圖片來源:天下資料,劉國泰攝。

戶外活動正風靡全台,慢跑、騎自行車、登山與露營近年來呈現爆炸性成長。一年內,台灣就可以舉辦超過600場路跑活動,相當於每天就有1.7場路跑!單單台北市就有數百間小型健身房和慢跑俱樂部,河堤車道也經常可見自行車來往穿梭。戶外運動的蓬勃發展與運動服飾品牌的業務也因而相互成長。但很少人知道,提升運動表現的機能性紡織品製造技術正源自台灣。

本週的台北紡織展(TITAS)不但吸引了國際品牌買家和專業買主前來,更見識了台灣驚豔全球的紡織技術。展場中擺設了許多最新商品和運用方式,但唯有重要客戶在閉門會議中,才有機會見識到最亮眼的新科技。此種封閉的推廣方式所帶來的影響,並非只在貿易展才能感受到。其實,也造成了世界各地的消費者仍不知道:台灣是紡織創新的幕後推手。

台灣紡織擺脫夕陽命運的傳奇

過去30年以來,台灣已從低成本織品製造商轉型為先進機能紡織的領導者。經濟部指出,台灣的機能紡織品遍及全球,最大的應用就是戶外運動服飾,其中70%的機能性布料供應皆來自台灣。台灣紡織業的規模不容小覷,全台超過4,300多家紡織製造商,員工總數超過14萬人次,且2015年的總產值達到4,093億新台幣(約合135億美元)。

台灣的紡織品客戶包括世界知名的品牌,從Nike、Adidas到Under Armour都使用台製的機能紡織品。因為他們知道台灣供應商創新的速度與深度,對於每季上市的新一代運動服裝至關重要。並且台灣也能夠達到日漸嚴苛的供應商企業社會責任要求,以及擁有友善環境的生產力。

台灣不僅為運動愛好者製做冬暖夏涼的織品,更逐漸成為全球首選的環保紡織供應商。台灣紡織製造業是推動紡織創新的專家,利用不同回收和永續材料研發出各式織品,其中包含咖啡渣,甚至是海洋回收物此成就證明了台灣人的創造力,以及台灣帶領全球前往更友善環境的紡織品和紡織製造方式的能力。

安於現狀的潛在危機

然而,如果台灣無法在消費市場中建立聲譽,我很擔心台灣無法長久維持在紡織業創新的領導地位。雖然台灣在紡織業有不凡的成就,卻很少有消費者知道自己最愛的運動服都與台灣有關。消費者購買防風外套或瑜珈褲時,可以從產品外型感受到歐美品牌的風格,並從衣內標籤上看到越南或孟加拉等現今成衣生產大國。然而,儘管台灣是許多產品的製造材料和創新技術的源頭,卻鮮少有在消費者面前曝光的機會。

在我的經驗中,供應商不會為台灣紡織業在消費市場中缺乏知名度而感到煩惱。只要像是Nike和Adidas等品牌持續帶來大額訂單,許多團隊就無憂患意識地持續作幕後推手。但這樣的思維不利於產業的長期發展,也減少了台灣製造商與海外品牌的價格談判空間。

台灣紡織業在消費市場中缺乏能見度,導致製造商暴露於不必要的風險中──全球領先的品牌能輕易另尋更具有價格優勢的國家。但現狀最糟糕的是,儘管台灣是機能性、智慧和環保紡織的專家,新創運動品牌卻無法利用台灣在紡織創新和綠色生產的專業形象,來增加品牌說服力,讓台灣的經濟持續無法擺脫過度依賴代工出口的現況。

台灣能否承受錯失這個機會的代價?全球的消費者應該要知道台灣在高階機能性與環保紡織品的領導地位,就如同我們認為全球最佳的皮革來自義大利,而最佳的羊毛來自紐西蘭一樣。當消費者在購買用台製織品生產的戶外運動服裝時,應該要像在購買配有瑞士製的光學鏡片眼鏡時一樣,對其品質充滿信心。

善用品牌在消費者心中的力量,讓台灣成為紡織創新及和永續製造的代名詞

台灣需要的是一個策略性的長期推廣計畫,推廣台灣在機能性和環保紡織品創新的專家形象和生產方式。但行銷的目標群眾並不是業界人士,如台灣紡拓會已在進行的「Think Taiwan for Textiles」推廣計畫。我認為行銷活動應當鎖定主要已開發市場中的消費者,因為他們是機能性運動服飾的主要客群。

此外,尼爾森的一份調查報告也指出,全球的線上消費者之中,有55%的人表示他們願意以較高的價格,購買積極面對社會和環境影響的企業所提供的產品和服務。這個調查結果和台灣紡織大廠的做法幾乎完美契合。台灣與其他國家站在同一個起跑點上,並擁有搶先建立環保紡織品和永續生產方式標竿聲譽的機會。

這樣的聲譽會為台灣帶來多方的效益。如在消費市場中建立好口碑,將有助於業務成長、帶來更大的投資,進而提升創新力的良性循環。推廣計畫將有助於台灣與韓國及中國等競爭對手拉出距離,並建立起可影響國家數十年的聲譽,如同現今消費者在義大利長期大力推廣後,仍然保持對於皮革品質的信心。如此一來,不但能讓台灣成為創新紡織及全球永續製造的代名詞,也能以優良的聲譽為年輕品牌打下堅實的基礎。

身為品牌顧問,我總是會鼓勵客戶為自身品牌建立明確的品牌聯想,為其產品及公司建立差異化優勢。全球有哪個國家不想擁有機能性紡織品永續製造和創新的領導地位?台灣是少數有能力爭取此品牌聯想的國家之一,但目前全球消費者心目中缺少對於「台灣」這個「品牌」在紡織創新上的了解。現在正是台灣紡織業開始積極向外公開推廣的時候,讓全球的消費者認識台灣紡織業世界級的能力和對未來的企圖心。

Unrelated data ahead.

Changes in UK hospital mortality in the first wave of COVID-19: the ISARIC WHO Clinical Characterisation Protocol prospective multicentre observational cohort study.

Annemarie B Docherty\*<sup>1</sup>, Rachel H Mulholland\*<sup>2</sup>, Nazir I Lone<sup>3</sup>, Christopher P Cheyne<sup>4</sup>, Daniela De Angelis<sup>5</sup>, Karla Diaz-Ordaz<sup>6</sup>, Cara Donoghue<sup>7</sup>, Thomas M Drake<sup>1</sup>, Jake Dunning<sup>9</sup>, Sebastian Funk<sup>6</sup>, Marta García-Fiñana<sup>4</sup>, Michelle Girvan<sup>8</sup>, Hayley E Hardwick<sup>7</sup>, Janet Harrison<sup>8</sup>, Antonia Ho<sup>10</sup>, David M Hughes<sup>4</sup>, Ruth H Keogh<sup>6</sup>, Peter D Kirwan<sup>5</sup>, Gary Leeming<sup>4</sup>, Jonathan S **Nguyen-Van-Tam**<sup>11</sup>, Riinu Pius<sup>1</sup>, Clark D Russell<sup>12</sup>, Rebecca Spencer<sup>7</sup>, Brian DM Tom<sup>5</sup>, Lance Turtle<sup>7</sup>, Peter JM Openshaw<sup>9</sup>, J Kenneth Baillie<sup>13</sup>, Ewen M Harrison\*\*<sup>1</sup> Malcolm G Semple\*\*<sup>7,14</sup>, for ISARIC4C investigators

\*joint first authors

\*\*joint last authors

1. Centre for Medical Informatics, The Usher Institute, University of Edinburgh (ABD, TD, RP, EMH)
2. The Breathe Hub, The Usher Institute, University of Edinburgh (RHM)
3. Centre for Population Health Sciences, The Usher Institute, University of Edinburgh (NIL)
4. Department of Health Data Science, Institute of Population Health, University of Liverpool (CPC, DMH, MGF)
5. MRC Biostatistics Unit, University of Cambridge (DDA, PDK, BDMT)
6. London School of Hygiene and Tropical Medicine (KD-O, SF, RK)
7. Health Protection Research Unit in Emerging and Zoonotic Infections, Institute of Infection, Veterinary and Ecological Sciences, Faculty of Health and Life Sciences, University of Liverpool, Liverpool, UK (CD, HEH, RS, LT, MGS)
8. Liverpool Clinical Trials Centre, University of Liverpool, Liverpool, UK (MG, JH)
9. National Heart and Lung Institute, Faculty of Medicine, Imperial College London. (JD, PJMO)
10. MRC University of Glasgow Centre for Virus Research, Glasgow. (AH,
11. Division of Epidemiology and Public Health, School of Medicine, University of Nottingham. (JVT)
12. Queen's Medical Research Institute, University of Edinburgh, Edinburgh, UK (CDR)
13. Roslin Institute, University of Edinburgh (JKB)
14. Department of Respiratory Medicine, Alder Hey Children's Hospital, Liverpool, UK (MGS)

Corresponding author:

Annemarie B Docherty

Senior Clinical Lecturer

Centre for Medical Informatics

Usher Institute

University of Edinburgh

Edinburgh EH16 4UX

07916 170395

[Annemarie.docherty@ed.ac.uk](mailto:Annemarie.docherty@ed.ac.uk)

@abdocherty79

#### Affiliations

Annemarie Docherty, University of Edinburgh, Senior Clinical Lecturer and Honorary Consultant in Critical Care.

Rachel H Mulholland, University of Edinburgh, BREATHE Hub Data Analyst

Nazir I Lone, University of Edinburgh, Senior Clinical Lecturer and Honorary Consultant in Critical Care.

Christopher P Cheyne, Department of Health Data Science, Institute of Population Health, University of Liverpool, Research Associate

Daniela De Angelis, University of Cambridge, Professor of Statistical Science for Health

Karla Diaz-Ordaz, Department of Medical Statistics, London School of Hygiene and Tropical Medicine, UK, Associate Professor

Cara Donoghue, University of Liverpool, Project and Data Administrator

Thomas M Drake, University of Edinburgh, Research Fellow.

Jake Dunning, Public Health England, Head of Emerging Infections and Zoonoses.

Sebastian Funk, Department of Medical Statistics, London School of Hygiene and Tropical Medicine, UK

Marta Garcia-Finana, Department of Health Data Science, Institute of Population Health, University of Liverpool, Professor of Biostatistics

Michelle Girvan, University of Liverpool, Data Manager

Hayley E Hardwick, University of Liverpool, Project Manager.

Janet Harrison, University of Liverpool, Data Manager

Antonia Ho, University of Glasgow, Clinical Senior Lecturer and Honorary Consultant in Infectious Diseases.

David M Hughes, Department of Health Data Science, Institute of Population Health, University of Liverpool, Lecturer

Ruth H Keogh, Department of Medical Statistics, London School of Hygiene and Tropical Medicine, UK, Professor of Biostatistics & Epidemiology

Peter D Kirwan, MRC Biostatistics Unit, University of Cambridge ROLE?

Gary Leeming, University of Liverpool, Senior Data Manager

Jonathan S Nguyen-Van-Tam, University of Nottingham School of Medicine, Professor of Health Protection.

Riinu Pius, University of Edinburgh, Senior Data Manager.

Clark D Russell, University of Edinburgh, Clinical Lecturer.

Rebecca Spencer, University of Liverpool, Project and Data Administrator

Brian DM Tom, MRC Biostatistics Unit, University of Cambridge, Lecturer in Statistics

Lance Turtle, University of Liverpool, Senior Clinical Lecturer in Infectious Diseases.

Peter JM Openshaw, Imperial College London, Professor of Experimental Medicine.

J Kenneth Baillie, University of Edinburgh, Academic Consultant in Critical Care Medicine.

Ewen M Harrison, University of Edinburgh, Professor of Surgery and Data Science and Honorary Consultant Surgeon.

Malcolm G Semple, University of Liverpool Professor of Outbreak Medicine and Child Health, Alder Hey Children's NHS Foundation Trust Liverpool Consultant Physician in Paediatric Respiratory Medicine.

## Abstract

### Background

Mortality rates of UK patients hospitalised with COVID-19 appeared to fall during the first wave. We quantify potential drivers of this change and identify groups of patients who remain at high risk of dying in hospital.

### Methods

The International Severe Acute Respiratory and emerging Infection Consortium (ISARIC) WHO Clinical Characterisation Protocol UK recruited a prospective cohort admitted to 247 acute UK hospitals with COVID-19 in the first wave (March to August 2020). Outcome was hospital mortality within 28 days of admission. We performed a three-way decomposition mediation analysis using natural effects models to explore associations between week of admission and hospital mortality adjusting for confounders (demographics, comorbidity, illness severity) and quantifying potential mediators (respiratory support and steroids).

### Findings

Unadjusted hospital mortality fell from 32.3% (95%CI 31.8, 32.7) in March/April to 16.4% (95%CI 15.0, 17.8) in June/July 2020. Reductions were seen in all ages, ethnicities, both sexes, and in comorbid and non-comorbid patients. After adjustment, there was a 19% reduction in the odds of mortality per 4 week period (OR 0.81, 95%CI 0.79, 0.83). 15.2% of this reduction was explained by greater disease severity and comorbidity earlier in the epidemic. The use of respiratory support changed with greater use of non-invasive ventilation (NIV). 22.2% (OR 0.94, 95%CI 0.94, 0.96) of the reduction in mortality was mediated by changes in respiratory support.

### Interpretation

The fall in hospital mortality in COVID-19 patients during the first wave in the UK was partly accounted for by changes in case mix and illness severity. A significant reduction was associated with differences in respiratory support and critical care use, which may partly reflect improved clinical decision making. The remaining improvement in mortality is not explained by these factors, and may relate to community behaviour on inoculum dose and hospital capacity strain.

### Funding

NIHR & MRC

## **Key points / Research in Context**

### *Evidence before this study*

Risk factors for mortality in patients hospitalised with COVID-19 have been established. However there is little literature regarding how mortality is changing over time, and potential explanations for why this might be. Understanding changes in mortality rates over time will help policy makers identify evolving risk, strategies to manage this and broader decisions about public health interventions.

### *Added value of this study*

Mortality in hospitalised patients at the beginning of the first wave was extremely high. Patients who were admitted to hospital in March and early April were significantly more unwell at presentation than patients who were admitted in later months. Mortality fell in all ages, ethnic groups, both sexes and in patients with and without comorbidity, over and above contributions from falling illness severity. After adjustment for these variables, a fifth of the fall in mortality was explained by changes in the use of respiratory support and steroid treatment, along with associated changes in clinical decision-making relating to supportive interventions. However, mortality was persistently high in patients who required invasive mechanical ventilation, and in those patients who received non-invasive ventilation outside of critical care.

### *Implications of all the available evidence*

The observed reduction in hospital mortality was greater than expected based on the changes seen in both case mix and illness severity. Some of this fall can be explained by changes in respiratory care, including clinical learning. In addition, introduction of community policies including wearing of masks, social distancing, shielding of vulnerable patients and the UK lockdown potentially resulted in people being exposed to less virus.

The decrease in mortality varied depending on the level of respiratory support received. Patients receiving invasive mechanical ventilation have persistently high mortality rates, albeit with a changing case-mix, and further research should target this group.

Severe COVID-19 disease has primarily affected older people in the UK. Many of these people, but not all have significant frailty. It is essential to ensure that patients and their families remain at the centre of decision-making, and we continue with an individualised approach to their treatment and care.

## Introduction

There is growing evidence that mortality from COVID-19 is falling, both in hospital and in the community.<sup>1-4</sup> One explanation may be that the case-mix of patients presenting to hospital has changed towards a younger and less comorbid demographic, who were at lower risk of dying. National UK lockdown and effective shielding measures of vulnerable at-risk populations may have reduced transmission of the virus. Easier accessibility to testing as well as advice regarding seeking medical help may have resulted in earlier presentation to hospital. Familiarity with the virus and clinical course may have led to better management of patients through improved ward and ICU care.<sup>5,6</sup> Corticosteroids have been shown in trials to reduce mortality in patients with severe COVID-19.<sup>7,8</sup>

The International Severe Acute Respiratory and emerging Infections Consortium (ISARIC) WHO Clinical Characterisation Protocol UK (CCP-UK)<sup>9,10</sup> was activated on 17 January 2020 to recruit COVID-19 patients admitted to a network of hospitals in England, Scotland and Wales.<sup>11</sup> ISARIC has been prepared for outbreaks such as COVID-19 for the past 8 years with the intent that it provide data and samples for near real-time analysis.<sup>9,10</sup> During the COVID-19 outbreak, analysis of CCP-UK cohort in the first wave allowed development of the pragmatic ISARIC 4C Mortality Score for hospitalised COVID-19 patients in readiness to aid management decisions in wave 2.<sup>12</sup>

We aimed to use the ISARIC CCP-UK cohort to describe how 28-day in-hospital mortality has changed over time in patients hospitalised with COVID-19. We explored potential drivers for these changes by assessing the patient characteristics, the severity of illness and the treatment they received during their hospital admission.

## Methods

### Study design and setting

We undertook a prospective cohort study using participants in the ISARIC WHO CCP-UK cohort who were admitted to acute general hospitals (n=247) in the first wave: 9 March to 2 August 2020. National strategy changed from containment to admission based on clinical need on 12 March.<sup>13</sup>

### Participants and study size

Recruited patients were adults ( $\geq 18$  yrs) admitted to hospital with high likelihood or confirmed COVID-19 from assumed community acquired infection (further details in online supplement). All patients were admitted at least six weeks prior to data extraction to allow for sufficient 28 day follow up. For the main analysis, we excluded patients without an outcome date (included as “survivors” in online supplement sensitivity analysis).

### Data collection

本文為中英雙語呈現,以下為英文原文:

Who Puts the Performance in Performance Sportswear?

Outdoor sports are all the rage in Taiwan today. Interest in running, cycling, hiking, and camping has experienced tremendous growth in recent years. Last year alone there were more than 600 running races hosted on the island—that's the equivalent of a staggering 1.7 events per day! Taipei City is now home to hundreds of micro-gyms and running clubs, and the city's bike paths are overflowing with cyclists. This interest in outdoor sports has been matched by growing demand for branded performance sportswear. Little known to many, however, the technology and know-how that puts the performance in performance sportswear originates from right here in Taiwan.

This week the textile industry made its way to the Taiwan World Trade Center for the TITAS trade event, Taiwan's annual global textile trade show. Industry insiders from around the world met with Taiwan's manufacturers, equipment makers, and innovators to discover the latest in textile innovation from the island. Many of the booths had their newest wares on display, but the truly innovative technologies weren't out for public viewing. Instead, these technologies remained behind closed doors, available to only the most important industry customers. For Taiwan, this proclivity for closed-door promotion isn't limited to the trade show floor. Consumers around the world remain equally in the dark about textile innovation coming from Taiwan.

Over the past three decades, the island of Taiwan has transformed itself from a maker of low-cost fabrics into a global powerhouse specializing in functionally advanced textiles. Taiwan's Ministry of Economic Affairs notes that more than 70% of the world's outdoor sportswear—the largest application for functional textiles—is currently made using performance textiles from Taiwan. Taiwan has more than 4,300 textile manufacturers employing over 140,000 people, and total production value reached NTD409.3 billion (USD13.5 billion) in 2015.

Customers of the island's textiles include the world's top brands. Everyone from Nike to Adidas to Under Armour sources their functional textiles from Taiwan. They do so because Taiwan's depth and speed of innovation is critical to bringing the next generation of performance sportswear to market each new season. These brands also choose Taiwan for the country's eco-friendly production capabilities; those that meet and exceed increasingly stringent demands for ethically sourced and sustainably manufactured fabrics.

Taiwanese manufacturers not only lead the world in fabrics that keep sports enthusiasts cool in summer and warm in winter, the nation is increasingly the de facto supplier of "eco-textiles". Taiwan's textile manufacturing lays claim to innovative textiles made from a variety of recycled and sustainable materials. These include fabric fibers made from oils derived from coffee beans and even trash reclaimed from the world's oceans. Such achievements are a testament to the ingenuity of the Taiwanese and to the capacity for Taiwan to lead the world toward more sustainable textiles and textile manufacturing practices.